2Objectives List four best practices to overcome language barriers. 2. Describe three strategies for over-coming cultural barriers in outreachand victim services.3. Discuss components of aneffective outreach plan for culturaland linguistic minorities.
4TERMS AND CONCEPTS LEP Latino and Hispanic “Limited English Proficiency” (LEP) individuals cannot speak, read, write and/OR understand English well enough to interact effectively with service agencies.Latino and HispanicLatino: from Latin America (or of Latino ancestry)Hispanic: of Spanish-speaking origin or ancestryNote: not all Latinos speak Spanish or use the term “Hispanic”This is an ethnic category, separate from race.
5African American: “A person having origins in any of the Black racial groups of Africa. It includes immigrants from Africa, Haitians and black Latino/Hispanics.”Asian: “A person having origins in any of the original peoples of the Far East, Southeast Asia, or the Indian subcontinent including, for example, India, Pakistan and the Philippines.”U.S. Census Bureau
6What Is Race? Definition: “The concept of race as used by the Census Bureau reflects self-identification by people according to the race or races with which they most closely identify. These categories are sociopolitical constructs and should not be interpreted as being scientific or anthropological in nature.”U.S. Census Bureau
7Interpreter vs. Translator Someone who ORALLY converts a message from one language to another.TRANSLATORSomeone who converts a WRITTEN message into another language, in writing.Interpreting and translation are two DIFFERENT professions.
8CULTURAL COMPETENCEA set of attitudes, skills, behaviors, and policies that enable organizations and staff to work effectively in cross-cultural situations.Cross et al
9Serving the Underserved Who are the vulnerable populations in Ohio?How do we know?Why do they matter?
10U.S. Census Bureau (Census 2000) Who’s Here in Ohio?U.S. Census Bureau (Census 2000)Native born minorities- 11.5% African American0.2% American IndianForeign-born minorities (or ancestry):about 3% foreign born6.1% speak language other than English at home1.9% Latino/Hispanic1.2% Asian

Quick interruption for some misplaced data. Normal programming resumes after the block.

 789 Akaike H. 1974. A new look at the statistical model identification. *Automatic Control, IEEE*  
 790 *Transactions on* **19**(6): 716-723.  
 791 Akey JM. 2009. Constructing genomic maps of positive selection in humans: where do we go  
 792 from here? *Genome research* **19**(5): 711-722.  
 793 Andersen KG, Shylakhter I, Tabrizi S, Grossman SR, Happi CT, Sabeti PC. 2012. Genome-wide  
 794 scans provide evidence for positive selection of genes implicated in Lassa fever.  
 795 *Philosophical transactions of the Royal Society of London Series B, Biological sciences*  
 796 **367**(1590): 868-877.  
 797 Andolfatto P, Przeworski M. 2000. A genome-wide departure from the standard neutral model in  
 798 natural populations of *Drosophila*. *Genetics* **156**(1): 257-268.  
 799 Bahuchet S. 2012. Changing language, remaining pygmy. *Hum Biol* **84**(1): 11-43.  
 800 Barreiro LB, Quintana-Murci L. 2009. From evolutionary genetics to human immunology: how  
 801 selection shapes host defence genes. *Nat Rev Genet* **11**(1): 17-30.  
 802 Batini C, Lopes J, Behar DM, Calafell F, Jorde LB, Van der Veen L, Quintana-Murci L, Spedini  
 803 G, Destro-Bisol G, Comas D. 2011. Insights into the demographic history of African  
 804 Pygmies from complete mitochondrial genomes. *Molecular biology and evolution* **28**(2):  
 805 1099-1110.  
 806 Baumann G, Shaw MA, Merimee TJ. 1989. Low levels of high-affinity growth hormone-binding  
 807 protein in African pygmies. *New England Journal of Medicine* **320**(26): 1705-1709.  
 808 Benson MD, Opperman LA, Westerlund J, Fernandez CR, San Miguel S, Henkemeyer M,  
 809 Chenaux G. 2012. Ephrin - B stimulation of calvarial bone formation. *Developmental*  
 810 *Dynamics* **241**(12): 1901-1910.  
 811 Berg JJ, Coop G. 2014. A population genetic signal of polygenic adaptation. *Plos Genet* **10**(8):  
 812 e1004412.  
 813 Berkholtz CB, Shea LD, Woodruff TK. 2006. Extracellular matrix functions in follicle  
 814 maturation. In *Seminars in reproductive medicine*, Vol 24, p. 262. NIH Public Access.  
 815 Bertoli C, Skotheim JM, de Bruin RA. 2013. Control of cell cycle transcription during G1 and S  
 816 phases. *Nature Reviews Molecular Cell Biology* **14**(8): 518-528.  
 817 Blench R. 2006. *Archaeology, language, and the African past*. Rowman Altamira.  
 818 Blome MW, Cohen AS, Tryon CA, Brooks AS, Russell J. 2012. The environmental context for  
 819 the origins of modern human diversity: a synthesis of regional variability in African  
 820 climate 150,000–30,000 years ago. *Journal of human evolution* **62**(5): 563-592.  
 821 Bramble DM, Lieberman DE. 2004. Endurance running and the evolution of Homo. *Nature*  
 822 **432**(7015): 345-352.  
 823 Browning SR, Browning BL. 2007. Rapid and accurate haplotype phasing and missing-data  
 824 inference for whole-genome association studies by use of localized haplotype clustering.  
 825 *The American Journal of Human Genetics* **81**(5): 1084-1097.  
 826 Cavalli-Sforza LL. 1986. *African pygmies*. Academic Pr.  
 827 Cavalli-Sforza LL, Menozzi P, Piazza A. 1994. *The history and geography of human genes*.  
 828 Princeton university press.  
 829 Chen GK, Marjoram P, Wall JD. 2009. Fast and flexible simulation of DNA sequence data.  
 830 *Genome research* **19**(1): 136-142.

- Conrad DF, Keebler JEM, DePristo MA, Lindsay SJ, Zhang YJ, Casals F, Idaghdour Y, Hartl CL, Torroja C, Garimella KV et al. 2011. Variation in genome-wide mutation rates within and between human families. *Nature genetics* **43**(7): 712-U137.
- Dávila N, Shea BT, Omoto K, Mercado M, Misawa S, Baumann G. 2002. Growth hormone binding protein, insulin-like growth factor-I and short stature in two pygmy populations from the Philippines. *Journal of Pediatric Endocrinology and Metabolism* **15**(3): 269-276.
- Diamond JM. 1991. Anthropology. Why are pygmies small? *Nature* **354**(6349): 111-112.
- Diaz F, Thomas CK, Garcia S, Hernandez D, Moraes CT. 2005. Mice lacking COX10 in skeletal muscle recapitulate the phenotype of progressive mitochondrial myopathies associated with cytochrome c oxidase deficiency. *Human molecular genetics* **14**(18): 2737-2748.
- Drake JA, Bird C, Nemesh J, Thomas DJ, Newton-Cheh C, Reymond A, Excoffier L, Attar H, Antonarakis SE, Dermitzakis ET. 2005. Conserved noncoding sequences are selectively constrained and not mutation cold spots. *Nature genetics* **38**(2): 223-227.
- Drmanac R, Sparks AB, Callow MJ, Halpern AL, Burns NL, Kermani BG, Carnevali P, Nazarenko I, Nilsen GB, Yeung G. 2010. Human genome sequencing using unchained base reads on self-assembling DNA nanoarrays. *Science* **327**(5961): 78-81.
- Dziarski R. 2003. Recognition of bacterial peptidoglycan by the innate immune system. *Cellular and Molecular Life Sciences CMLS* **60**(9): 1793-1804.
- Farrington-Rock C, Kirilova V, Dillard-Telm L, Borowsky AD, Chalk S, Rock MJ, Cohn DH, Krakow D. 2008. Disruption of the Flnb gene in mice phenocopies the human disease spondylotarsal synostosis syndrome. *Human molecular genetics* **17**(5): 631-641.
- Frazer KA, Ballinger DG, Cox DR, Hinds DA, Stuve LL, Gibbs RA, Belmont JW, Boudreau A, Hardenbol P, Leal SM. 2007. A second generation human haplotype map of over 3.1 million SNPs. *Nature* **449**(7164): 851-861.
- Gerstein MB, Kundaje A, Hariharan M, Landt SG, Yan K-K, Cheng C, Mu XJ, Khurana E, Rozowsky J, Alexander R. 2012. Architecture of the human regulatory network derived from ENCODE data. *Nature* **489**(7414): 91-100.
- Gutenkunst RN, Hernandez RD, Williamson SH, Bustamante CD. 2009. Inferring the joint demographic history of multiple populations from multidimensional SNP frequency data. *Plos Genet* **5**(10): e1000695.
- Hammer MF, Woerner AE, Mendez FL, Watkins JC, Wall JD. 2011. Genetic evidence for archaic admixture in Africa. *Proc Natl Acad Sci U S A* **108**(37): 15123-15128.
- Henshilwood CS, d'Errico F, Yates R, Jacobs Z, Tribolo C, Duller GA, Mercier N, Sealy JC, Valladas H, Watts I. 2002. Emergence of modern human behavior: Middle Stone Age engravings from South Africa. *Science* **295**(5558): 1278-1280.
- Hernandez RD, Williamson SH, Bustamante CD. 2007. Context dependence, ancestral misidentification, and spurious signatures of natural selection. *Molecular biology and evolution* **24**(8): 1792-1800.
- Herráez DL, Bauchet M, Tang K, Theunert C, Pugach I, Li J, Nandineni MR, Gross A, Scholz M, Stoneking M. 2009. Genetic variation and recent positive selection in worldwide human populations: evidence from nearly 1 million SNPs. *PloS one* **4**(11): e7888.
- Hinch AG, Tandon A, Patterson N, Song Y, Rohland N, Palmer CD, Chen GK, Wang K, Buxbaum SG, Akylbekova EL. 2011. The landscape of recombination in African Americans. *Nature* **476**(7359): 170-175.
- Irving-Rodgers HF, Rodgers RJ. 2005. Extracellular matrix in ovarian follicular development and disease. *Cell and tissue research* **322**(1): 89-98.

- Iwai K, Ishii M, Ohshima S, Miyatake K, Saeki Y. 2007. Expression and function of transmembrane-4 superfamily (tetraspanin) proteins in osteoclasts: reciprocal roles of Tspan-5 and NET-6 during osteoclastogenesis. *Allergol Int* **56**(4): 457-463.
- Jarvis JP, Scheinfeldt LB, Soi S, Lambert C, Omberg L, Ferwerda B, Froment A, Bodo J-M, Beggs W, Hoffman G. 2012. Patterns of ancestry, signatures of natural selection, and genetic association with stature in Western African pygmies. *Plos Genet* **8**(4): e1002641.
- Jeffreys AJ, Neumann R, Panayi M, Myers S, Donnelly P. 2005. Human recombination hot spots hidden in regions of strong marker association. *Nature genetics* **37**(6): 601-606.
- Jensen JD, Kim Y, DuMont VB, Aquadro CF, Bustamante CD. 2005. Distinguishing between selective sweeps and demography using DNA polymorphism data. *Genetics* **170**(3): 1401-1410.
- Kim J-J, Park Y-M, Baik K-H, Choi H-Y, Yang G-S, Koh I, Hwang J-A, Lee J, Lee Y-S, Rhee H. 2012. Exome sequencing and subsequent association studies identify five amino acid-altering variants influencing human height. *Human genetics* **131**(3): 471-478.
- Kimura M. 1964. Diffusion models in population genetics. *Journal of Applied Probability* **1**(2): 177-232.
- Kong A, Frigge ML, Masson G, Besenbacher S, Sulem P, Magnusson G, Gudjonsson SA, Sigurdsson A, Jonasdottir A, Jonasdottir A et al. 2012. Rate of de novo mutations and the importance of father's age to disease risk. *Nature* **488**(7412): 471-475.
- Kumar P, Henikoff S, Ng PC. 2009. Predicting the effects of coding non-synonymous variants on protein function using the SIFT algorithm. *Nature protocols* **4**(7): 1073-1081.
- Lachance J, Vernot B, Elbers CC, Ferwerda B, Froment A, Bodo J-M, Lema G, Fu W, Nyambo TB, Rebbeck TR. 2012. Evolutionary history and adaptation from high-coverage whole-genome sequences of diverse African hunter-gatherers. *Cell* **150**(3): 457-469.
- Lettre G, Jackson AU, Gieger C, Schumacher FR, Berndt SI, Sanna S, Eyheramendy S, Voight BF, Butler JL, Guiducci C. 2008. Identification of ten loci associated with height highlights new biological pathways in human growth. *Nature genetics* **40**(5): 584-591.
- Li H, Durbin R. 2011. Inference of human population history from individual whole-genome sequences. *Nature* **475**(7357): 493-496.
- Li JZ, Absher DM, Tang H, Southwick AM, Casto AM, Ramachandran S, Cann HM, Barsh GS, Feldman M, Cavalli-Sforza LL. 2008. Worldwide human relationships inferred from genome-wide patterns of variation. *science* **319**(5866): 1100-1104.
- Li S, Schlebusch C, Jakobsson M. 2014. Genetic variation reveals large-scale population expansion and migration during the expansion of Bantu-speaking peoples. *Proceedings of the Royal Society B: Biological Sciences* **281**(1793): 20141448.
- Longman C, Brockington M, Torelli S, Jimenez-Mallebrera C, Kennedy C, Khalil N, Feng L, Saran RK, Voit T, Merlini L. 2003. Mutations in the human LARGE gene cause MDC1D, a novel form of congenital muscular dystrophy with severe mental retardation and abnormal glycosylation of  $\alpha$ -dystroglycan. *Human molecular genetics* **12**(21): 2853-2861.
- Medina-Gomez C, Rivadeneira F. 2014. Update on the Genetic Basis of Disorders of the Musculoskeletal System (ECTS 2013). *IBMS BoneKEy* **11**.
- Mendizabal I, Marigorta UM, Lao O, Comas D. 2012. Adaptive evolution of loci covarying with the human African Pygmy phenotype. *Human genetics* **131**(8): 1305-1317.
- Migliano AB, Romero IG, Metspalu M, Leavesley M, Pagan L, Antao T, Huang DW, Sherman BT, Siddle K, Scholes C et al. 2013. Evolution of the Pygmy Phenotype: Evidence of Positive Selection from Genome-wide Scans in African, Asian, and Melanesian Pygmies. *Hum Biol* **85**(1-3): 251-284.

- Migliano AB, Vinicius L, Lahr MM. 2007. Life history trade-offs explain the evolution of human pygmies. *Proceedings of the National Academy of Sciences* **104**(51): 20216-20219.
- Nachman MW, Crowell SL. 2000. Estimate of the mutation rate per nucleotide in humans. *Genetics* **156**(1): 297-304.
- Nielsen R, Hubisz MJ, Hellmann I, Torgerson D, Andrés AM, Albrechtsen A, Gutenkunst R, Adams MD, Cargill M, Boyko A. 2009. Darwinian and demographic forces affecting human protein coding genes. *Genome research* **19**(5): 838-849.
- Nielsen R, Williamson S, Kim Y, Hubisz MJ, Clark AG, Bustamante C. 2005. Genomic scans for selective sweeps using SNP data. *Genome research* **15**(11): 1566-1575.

11But be careful... OHIO IS DIVERSE. Each region is unique. In Cleveland, for example:Native born minorities- 51% African American0.3% American IndianForeign born minorities (or ancestry):about 4.5% foreign born11.9% speak language other than English at home7.3% Latino/Hispanic1.2% Asian
12Language Barriers“Spanish is the predominant language in 60 percent to 70 percent of cases where an interpreter is needed in Ohio.” (Supreme Court of Ohio, press release, 2003)Cleveland has reported about:40,000 Spanish speakers30,000 Arabic speakers10,000 Russian speakers5,000 VietnameseA growing number of Somalis, and others...OHIO IS GROWING MORE DIVERSE
14Top 10 Countries of Origin (Ohio) IndiaChinaGermanyMexicoSoviet UnionCanadaU.K.ItalyKoreaPhilippines
15Other Underserved Populations Persons with disabilities(Disabilities estimated to affect 20% of the population)c. 2.1 million Ohians affectedc. 1.1 m. w/severe disabilitiesExamples:DeafnessBlindnessMental disabilitiesMobility impairmentsLearning disabilitiesETHNIC/CULTURAL/OtherExamples:AmishAfrican (e.g., Somali)Religious groups (Muslim, Buddhist, Jewish...)AppalachiansGay/lesbian/transgenderSeniorsHomeless
16ACTIVITY 1 Activities Packet, pages 1 and 2, Activity 1 IDENTIFYING UNDERSERVED POPULATIONSDiscuss in small groups. Answer questions.Post-activity: What populations were the same for all members of your group? Which ones were different?
17Estimating Population Size Practical tools:U.S. Census Bureau data:Ohio Refugee Services ProgramState/local planning dataEthnic, community, and faith-based organizationsLocal health department, schools & organizations that serve immigrants and vulnerable groupsSearch in local newspaper database for articles on particular ethnic communitiesGoogle and other search engines: excellent sources (but be careful)
18Interesting Facts...Ohio has the largest number of Amish of any state (c. 51,000)Ohio also has one of largest Somali communities in the nation (Schwirian & Schwirian)Central Ohio has seen an influx of Muslims (American converts and Muslims from Somalia, Sierra Leone, India, Kosovo, Afghanistan, Iraq, Saudi Arabia, Turkey, Morocco, Bosnia)Jobs and low cost of living attract many immigrants to Ohio